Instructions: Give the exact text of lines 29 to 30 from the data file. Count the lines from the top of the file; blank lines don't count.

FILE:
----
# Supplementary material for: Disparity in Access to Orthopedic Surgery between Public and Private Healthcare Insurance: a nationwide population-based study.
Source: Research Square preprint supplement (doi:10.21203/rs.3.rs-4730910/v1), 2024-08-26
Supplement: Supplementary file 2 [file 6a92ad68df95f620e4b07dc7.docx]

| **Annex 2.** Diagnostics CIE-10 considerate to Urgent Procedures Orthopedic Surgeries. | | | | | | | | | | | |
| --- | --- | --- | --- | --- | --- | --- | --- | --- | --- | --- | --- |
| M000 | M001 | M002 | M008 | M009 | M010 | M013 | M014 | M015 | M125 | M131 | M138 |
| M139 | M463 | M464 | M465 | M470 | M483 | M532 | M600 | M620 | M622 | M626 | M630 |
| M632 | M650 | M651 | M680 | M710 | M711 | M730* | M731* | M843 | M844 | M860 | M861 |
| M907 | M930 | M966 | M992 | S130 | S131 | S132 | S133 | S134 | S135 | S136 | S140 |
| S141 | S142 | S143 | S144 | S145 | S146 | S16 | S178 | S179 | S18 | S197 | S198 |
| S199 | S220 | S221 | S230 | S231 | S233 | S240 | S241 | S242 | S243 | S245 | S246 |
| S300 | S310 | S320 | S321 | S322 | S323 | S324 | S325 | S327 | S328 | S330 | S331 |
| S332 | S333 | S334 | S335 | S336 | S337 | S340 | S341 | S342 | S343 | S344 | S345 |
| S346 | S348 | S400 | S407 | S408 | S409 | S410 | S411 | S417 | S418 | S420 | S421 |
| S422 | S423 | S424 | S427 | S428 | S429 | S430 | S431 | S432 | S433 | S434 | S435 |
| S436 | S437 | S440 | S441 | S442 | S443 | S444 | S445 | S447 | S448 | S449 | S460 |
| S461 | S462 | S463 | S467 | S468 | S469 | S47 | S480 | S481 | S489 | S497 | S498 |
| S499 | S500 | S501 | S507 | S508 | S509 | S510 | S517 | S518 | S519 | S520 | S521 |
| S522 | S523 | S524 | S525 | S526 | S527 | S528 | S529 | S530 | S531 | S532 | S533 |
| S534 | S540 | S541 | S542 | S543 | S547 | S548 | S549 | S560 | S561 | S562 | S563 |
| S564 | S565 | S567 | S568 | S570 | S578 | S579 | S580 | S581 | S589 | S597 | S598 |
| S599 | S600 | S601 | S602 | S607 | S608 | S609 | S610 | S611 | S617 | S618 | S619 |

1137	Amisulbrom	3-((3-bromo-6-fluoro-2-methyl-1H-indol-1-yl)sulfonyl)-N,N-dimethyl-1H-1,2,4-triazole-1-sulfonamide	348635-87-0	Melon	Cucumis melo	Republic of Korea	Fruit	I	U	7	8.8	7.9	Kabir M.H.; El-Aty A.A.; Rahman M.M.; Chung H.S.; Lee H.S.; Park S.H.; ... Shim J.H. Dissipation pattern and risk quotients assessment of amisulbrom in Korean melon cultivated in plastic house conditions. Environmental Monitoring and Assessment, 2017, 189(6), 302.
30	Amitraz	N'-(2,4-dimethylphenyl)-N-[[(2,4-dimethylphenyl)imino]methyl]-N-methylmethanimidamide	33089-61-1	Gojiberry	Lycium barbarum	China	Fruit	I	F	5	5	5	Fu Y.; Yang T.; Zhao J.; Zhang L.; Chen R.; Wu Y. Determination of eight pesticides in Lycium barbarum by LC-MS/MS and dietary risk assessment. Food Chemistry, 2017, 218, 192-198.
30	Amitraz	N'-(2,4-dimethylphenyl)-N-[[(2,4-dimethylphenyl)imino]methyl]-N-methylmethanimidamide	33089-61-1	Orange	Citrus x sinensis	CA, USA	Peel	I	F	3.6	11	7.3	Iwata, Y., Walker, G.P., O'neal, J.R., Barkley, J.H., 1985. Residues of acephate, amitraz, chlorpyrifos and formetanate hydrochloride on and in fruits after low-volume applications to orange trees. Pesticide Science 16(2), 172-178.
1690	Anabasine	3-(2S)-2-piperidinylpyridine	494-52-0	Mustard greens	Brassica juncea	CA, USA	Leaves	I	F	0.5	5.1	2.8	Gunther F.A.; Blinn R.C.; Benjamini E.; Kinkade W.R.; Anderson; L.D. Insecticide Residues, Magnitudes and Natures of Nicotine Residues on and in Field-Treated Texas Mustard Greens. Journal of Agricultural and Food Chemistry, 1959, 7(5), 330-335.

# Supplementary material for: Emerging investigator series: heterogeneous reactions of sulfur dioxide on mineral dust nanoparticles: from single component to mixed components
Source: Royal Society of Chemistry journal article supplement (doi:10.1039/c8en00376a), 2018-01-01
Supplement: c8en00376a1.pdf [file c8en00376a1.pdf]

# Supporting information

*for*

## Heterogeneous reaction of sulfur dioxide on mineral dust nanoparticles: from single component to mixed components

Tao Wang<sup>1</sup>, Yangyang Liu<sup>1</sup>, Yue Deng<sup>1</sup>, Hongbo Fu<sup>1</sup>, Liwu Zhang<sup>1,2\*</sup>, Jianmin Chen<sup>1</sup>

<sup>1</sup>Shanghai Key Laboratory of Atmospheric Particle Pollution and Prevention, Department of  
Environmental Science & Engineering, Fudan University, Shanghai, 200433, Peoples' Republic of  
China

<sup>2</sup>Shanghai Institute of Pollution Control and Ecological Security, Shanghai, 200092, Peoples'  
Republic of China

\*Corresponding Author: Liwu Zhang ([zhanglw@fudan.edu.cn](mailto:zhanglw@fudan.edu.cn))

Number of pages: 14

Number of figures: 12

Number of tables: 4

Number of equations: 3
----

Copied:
Supplement: c8en00376a1.pdf [file c8en00376a1.pdf]

# Supporting information